Eurozone economy seen slowing through to 2020


Economic growth across the 19-country eurozone is expected to moderate over the next few years amid rising trade tensions around the world and higher oil prices, according to updated forecasts from the European Union.
The EU’s executive Commission said Thursday that eurozone growth this year is expected to moderate to 2.1 percent from last year’s decade-high rate of 2.4 percent. It then expects a further easing to 1.9 percent in 2019 and 1.7 percent in 2020.
It blamed rising global uncertainty, international trade tensions, and higher oil prices for the slowdown. It also said a slower pace in the fall in unemployment could add to the dampening effect. Unemployment is projected to fall from 8.4 percent this year to 7.9 percent next and 7.5 percent in 2020.
The Commission said that economic growth will become increasingly reliant on domestic factors, with consumer spending benefiting from stronger wage growth and looser budget measures in some countries.
“Uncertainty and risks, both external and internal, are on the rise and start to take a toll on the pace of economic activity,” said Valdis Dombrovskis, the commissioner responsible for financial stability and other economic matters.
“We need to stay vigilant and work harder to reinforce the resilience of our economies.”
The European Union has put numbers on its frustration with Italy.
After weeks of accusing Rome of too-optimistic assumptions about the effect of its spending plans, it said Thursday that economic growth next year will be weaker than the government targets, and the nation’s budget deficit will move dangerously close to the EU limit of 3 percent.
The report, part of an overview of the European economy, marks another shot in the dispute between authorities in Brussels and Italy’s government over the latter’s expansionary budget. The government says its measures are needed to support an economy that’s underperformed the euro area for years and boost the incomes of its people, but the EU and investors are worried what that will do to the country’s mountain of debt.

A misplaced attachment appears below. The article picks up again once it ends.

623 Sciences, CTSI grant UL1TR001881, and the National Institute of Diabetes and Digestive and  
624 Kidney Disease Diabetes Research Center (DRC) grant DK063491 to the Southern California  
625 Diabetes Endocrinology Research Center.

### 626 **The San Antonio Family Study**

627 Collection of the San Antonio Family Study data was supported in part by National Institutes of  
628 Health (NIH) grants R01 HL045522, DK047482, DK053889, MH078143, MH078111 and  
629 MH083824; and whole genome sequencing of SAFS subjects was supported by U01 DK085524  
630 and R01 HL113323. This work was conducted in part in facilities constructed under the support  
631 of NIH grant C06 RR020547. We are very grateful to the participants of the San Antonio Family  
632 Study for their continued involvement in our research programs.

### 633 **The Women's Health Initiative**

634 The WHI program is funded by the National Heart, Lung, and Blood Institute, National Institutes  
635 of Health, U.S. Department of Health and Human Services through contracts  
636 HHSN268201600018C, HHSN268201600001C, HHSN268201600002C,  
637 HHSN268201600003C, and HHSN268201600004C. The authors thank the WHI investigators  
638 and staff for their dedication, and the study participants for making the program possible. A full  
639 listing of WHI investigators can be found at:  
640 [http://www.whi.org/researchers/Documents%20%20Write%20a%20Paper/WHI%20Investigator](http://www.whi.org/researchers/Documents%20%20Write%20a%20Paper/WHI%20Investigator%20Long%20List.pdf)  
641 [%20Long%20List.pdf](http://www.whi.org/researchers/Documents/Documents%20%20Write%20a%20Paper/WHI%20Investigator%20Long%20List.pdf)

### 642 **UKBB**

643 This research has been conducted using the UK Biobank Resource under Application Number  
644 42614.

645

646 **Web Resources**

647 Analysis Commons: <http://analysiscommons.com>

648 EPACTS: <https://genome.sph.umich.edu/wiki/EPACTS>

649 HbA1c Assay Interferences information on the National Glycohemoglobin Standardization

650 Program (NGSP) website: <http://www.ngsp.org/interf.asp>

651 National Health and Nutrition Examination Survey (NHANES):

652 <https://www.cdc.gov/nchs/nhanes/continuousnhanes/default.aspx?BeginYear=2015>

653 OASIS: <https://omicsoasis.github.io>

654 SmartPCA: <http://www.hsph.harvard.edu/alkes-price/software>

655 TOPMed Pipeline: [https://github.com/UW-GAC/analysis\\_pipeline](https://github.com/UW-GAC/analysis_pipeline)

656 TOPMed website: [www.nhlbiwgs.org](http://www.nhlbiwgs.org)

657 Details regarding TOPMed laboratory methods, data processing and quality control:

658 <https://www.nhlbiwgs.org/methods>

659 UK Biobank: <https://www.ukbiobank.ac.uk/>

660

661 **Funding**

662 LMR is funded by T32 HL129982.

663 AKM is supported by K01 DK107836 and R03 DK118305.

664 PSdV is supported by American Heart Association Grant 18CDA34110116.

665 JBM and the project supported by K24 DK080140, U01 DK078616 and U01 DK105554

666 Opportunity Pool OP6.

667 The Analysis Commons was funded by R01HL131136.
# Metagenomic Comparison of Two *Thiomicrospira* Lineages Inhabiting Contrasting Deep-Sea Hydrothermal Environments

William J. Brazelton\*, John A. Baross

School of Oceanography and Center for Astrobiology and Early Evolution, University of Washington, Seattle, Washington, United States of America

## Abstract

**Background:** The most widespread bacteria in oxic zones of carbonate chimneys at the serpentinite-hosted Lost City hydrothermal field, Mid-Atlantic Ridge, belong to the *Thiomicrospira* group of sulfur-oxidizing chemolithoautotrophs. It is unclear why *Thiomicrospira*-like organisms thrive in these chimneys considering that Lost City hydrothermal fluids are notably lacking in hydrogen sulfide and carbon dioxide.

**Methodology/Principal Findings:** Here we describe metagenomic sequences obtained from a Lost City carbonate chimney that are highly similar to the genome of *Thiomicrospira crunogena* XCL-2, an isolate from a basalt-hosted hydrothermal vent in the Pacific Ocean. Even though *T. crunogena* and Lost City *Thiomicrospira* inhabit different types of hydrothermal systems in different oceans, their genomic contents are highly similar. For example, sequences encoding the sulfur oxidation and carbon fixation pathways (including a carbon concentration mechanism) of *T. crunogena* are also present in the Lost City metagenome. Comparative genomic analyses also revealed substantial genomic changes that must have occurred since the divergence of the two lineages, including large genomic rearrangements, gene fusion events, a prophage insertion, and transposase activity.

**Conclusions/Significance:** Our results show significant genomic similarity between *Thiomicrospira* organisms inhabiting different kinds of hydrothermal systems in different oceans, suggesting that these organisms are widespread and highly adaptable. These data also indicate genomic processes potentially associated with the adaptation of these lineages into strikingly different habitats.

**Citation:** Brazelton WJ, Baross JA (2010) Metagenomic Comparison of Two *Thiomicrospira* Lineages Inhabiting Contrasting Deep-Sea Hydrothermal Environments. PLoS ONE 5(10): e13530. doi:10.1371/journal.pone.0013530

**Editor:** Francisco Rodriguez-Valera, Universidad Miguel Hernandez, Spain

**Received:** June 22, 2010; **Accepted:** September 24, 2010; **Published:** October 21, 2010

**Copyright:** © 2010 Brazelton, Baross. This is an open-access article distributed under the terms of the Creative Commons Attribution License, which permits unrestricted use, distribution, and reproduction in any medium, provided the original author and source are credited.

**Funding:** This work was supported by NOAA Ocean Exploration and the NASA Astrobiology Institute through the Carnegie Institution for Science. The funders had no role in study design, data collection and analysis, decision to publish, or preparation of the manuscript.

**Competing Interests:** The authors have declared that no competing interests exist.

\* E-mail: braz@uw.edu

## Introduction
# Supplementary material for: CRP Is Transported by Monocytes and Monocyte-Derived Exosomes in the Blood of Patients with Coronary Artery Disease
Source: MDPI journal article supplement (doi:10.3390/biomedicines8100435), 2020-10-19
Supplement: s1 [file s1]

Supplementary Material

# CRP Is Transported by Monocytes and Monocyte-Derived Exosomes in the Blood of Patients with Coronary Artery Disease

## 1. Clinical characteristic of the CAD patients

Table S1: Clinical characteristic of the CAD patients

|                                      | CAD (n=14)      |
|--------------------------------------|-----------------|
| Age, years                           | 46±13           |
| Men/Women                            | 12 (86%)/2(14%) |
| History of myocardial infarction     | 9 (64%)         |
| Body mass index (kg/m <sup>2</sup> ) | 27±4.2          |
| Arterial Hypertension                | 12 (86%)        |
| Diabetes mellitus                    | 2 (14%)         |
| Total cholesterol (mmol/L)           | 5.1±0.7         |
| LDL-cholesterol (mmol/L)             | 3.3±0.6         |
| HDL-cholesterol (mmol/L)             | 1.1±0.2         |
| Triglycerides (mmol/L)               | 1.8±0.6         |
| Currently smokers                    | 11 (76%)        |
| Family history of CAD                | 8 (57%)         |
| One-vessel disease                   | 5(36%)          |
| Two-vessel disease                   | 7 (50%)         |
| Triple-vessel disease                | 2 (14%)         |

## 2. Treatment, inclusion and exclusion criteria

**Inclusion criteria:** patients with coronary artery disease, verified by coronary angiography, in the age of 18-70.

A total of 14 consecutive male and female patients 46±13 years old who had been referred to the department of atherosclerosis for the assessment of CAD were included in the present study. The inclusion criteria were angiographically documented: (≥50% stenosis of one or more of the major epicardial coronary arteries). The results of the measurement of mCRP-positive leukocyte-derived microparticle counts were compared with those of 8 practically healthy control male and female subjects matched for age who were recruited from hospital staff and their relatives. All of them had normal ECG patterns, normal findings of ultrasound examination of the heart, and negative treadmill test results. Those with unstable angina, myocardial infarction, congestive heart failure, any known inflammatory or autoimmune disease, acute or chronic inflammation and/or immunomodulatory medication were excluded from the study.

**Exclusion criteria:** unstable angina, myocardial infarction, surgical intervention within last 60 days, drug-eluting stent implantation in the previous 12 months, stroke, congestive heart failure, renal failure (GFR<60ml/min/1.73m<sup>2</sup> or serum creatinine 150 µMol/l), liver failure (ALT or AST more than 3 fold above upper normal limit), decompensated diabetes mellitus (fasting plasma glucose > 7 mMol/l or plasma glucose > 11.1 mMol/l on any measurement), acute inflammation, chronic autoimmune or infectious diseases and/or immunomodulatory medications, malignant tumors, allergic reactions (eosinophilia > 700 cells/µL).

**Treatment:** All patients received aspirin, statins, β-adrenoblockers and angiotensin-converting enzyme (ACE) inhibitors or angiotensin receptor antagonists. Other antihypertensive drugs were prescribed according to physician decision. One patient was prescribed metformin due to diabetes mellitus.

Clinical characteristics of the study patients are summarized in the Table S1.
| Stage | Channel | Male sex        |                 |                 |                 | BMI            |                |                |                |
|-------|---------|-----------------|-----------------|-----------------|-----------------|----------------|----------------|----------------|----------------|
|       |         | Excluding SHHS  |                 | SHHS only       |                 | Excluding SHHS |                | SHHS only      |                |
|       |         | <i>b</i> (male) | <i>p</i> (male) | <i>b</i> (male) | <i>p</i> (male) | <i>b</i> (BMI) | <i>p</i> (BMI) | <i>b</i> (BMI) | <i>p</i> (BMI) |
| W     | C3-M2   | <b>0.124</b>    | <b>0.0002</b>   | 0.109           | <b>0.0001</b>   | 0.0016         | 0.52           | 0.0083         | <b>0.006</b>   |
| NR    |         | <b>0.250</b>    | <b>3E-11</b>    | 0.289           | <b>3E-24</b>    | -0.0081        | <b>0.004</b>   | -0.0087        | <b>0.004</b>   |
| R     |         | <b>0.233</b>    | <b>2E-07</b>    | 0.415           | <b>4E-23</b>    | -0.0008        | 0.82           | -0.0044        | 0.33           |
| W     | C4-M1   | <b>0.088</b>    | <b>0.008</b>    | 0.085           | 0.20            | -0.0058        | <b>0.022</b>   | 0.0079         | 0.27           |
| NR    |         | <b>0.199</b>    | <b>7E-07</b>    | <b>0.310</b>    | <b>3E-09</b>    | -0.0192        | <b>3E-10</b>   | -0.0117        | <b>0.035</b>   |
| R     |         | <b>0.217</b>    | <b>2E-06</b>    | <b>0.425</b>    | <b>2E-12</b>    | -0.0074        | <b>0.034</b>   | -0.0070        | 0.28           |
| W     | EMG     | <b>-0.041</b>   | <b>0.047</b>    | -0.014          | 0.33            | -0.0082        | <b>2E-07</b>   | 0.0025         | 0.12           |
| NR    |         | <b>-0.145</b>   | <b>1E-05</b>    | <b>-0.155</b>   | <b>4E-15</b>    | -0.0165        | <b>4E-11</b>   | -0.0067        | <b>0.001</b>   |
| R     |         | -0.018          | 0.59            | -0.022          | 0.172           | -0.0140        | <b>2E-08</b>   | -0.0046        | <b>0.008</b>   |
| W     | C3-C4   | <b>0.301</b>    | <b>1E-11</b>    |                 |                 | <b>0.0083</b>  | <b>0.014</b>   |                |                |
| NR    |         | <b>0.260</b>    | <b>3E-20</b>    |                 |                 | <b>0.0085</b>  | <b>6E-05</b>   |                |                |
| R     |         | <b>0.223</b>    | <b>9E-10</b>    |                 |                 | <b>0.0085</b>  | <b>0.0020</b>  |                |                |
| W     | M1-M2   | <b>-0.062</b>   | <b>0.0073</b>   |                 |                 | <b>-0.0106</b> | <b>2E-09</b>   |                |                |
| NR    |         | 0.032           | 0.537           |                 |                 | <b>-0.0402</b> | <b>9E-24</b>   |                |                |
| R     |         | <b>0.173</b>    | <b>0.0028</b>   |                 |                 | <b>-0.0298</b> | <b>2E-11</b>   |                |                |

While the EU’s forecast language is gloomy, the reality may turn out to be worse.
“Even the EU forecasts themselves look too optimistic,” said Lorenzo Codogno, visiting professor at London School of Economics and a former chief economist at the Italian finance ministry. “The impact of higher borrowing costs on the banks’ loan rates is set to limit economic growth even further.”
In the report, the European Commission forecasts:
  • Economic growth of 1.2 percent next year, below the populist government’s target of 1.5 percent.
  • Weaker expansion has implications for the budget deficit, which is seen widening to 2.9 percent next year and 3.1 percent the following year. The government’s targeted 2.4 percent deficit for 2019 was flatly rejected by the commission.

Two Points of View

European Commission and Italy's government don't agree on budget forecasts
Source: European Commission and Italian Government
It said the growth outlook is subject to “high uncertainty amid intensified downside risks,” including a further jump in government borrowing costs. Italy’s fiscal targets have already sent Italian bond yields to a four-year highs.
Italian bonds extended losses after the report with the 10-year yield rising 7 basis points to 3.41 percent and pushing the spread with equivalent German bunds to 296 basis points.
Given the “fiscal deterioration” and risks to growth, the EU also said Italy’s large debt-to-GDP ratio won’t decline through 2020. The EU wants Rome’s budget plans revised, but the government is refusing to yield.

Two Points of View

European Commission and Italy's government don't agree on debt forecasts
Source: European Commission and Italian Government
The commission warned about the impact of higher debt-financing costs on lenders, singling out Italy as one of the “high-debt euro area countries” where “disruptive sovereign-bank loops could also re-emerge in case of doubts about the quality and sustainability of public finances.”
Finance Minister Giovanni Tria signaled this week that the government is not ready to budge on its controversial budget even as his euro-area counterparts called on Italy to prepare revised spending plans.
Still, he told reporters after a Monday meeting in Brussels that the government will pursue a dialogue with the Commission. In setting the Nov. 13 deadline for a resubmitted budget, the commission said the original plan constituted a clear deviation from EU rules.
Tria will meet on Friday in Rome with Portugal’s Mario Centeno, the head of the Eurogroup of finance ministers.